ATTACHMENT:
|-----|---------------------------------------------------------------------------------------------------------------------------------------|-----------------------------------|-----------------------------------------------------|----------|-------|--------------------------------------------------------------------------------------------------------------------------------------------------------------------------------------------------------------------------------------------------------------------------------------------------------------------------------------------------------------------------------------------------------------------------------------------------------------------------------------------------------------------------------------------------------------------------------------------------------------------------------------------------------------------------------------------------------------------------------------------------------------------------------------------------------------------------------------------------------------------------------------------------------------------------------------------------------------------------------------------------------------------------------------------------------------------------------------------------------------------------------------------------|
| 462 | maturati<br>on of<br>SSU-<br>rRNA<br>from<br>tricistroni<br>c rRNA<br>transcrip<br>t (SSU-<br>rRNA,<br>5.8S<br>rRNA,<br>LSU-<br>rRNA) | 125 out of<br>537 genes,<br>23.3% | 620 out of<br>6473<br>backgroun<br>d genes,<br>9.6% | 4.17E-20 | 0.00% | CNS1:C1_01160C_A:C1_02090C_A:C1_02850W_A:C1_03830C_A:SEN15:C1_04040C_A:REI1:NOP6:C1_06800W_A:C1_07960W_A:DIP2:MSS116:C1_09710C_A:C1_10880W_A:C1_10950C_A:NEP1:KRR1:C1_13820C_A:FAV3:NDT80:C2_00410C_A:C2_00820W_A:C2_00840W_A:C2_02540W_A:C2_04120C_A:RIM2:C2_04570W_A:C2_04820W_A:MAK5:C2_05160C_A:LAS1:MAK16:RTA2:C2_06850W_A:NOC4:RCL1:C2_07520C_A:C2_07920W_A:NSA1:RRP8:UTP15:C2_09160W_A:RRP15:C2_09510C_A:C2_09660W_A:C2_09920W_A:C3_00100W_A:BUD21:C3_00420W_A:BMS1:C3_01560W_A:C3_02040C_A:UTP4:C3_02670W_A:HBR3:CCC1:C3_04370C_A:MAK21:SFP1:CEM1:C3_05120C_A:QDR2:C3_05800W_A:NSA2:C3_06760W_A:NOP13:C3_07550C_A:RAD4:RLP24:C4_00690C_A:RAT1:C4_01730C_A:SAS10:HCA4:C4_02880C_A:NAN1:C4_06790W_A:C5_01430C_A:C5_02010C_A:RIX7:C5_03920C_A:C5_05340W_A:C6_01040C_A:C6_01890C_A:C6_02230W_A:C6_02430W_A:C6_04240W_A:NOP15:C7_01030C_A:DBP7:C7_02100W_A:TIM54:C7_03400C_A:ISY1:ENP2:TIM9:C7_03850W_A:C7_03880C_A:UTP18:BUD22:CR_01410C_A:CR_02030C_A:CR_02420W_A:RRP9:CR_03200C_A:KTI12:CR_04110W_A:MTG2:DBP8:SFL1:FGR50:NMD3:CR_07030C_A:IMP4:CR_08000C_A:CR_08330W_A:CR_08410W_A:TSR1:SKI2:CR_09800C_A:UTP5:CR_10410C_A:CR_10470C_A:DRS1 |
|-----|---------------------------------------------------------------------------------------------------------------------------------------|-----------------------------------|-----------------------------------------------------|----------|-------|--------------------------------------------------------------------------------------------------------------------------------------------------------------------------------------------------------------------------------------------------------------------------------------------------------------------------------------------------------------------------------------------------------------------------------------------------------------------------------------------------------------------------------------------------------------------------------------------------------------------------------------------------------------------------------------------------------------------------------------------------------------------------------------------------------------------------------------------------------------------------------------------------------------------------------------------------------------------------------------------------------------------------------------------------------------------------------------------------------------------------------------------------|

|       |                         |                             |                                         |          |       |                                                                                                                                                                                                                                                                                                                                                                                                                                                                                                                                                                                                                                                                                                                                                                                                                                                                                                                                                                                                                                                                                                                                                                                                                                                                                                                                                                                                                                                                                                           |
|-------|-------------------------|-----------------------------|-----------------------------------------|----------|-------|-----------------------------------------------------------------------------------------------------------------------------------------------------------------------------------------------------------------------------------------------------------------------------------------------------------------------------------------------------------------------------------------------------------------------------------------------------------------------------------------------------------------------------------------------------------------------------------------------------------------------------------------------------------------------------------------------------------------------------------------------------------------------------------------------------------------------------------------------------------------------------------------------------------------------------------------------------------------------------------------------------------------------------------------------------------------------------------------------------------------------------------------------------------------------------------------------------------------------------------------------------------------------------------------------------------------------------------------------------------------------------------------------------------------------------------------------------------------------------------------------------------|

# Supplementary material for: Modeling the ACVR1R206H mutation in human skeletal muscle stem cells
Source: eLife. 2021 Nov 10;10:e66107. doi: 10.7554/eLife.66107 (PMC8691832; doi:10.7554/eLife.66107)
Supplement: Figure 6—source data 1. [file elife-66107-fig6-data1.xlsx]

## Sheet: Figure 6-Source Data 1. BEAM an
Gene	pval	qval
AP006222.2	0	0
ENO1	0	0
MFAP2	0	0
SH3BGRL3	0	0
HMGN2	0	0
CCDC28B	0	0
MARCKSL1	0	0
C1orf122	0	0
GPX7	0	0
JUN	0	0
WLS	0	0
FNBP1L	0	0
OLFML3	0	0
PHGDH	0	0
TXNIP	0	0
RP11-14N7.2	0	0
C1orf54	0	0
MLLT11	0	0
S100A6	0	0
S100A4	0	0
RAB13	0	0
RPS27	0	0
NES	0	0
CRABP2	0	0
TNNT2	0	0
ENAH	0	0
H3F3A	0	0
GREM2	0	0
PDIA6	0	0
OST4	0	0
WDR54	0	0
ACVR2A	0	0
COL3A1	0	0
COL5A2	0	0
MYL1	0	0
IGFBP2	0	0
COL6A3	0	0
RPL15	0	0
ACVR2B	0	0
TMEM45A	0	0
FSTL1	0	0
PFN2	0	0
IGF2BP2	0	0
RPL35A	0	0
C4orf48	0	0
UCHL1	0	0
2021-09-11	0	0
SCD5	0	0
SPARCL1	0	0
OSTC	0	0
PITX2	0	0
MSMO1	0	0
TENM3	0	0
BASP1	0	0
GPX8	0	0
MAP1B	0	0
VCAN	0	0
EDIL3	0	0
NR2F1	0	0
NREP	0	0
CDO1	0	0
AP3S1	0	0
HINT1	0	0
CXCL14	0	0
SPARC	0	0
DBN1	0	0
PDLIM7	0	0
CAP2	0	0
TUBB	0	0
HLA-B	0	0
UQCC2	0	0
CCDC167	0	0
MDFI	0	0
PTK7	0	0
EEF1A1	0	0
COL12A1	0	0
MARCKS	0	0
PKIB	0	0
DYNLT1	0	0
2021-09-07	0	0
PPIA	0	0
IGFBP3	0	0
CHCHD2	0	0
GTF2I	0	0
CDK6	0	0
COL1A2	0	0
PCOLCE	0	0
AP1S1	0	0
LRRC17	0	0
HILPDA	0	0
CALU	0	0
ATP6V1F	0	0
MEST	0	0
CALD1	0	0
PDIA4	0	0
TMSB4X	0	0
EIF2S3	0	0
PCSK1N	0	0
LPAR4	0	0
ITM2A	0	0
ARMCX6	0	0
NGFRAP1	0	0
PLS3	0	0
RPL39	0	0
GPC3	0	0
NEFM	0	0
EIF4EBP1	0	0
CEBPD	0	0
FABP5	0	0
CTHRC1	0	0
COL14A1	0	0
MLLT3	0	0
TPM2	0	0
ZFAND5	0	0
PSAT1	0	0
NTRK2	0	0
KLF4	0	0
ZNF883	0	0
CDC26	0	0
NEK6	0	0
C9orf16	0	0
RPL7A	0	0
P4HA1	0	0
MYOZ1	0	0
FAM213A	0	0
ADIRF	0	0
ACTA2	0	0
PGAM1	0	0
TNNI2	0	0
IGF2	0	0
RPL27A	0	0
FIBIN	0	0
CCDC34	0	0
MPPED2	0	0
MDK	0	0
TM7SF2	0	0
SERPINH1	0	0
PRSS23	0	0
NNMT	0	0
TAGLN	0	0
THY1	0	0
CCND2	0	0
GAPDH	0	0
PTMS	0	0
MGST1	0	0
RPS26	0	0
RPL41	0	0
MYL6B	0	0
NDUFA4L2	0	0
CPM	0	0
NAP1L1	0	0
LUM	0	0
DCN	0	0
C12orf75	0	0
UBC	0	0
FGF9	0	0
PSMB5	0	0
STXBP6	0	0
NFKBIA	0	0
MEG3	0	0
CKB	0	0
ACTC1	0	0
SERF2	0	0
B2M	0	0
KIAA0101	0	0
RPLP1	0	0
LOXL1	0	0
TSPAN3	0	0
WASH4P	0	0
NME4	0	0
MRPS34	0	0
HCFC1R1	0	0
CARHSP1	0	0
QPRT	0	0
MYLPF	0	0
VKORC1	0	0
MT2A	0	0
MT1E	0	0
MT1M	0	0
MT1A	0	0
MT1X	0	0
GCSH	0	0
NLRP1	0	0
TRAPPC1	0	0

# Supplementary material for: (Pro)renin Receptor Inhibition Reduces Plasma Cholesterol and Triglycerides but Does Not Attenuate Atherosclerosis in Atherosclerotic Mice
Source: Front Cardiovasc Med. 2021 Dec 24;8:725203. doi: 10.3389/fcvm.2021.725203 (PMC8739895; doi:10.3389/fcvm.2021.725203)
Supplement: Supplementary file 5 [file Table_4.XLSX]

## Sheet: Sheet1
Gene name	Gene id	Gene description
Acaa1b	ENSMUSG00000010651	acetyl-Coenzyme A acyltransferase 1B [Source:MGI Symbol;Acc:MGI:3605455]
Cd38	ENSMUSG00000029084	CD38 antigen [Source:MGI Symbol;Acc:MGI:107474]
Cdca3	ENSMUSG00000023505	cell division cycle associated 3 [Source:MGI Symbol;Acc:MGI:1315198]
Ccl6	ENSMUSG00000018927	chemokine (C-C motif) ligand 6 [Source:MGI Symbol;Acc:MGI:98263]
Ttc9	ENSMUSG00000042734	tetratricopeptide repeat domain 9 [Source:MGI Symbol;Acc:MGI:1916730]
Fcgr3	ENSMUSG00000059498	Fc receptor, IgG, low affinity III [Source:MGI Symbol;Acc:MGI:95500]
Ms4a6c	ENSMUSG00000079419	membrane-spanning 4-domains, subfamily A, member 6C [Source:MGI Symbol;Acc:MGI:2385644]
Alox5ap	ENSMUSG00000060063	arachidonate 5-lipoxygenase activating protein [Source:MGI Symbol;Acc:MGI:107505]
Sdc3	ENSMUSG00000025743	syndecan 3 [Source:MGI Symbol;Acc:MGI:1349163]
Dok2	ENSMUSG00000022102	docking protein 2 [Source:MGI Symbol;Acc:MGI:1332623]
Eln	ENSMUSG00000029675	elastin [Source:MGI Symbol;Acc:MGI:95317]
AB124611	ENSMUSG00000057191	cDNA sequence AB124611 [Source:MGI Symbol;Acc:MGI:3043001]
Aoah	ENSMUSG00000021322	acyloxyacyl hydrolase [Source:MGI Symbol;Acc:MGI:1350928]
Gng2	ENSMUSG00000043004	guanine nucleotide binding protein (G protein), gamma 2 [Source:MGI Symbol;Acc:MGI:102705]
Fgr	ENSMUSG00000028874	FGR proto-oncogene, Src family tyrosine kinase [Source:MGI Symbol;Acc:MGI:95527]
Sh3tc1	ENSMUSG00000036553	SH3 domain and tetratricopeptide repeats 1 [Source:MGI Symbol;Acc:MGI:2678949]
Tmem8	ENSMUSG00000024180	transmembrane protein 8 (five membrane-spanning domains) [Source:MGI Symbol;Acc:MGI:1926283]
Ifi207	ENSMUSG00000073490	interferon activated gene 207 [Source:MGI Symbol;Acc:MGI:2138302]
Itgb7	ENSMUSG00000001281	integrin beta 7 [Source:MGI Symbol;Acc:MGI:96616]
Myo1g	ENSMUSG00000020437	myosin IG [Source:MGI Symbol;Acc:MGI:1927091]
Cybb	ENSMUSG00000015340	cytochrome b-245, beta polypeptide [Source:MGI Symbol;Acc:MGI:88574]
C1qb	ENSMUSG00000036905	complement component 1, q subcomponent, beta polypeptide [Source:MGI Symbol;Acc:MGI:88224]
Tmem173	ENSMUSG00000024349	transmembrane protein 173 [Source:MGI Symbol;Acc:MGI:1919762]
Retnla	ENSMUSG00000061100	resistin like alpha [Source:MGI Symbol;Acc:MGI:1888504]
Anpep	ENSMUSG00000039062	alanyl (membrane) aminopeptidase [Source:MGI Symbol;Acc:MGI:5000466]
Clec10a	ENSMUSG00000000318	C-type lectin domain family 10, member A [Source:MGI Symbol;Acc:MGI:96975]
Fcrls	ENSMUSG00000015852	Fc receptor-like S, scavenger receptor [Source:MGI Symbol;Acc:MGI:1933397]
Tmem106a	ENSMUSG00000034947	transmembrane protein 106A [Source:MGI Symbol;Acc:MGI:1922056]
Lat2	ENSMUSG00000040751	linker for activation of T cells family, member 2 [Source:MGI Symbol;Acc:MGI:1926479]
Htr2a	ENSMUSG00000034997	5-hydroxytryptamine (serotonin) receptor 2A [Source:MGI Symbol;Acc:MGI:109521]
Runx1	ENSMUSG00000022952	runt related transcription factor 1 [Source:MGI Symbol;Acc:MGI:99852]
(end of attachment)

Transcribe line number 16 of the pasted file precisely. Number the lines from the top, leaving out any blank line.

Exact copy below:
CCDC28B	0	0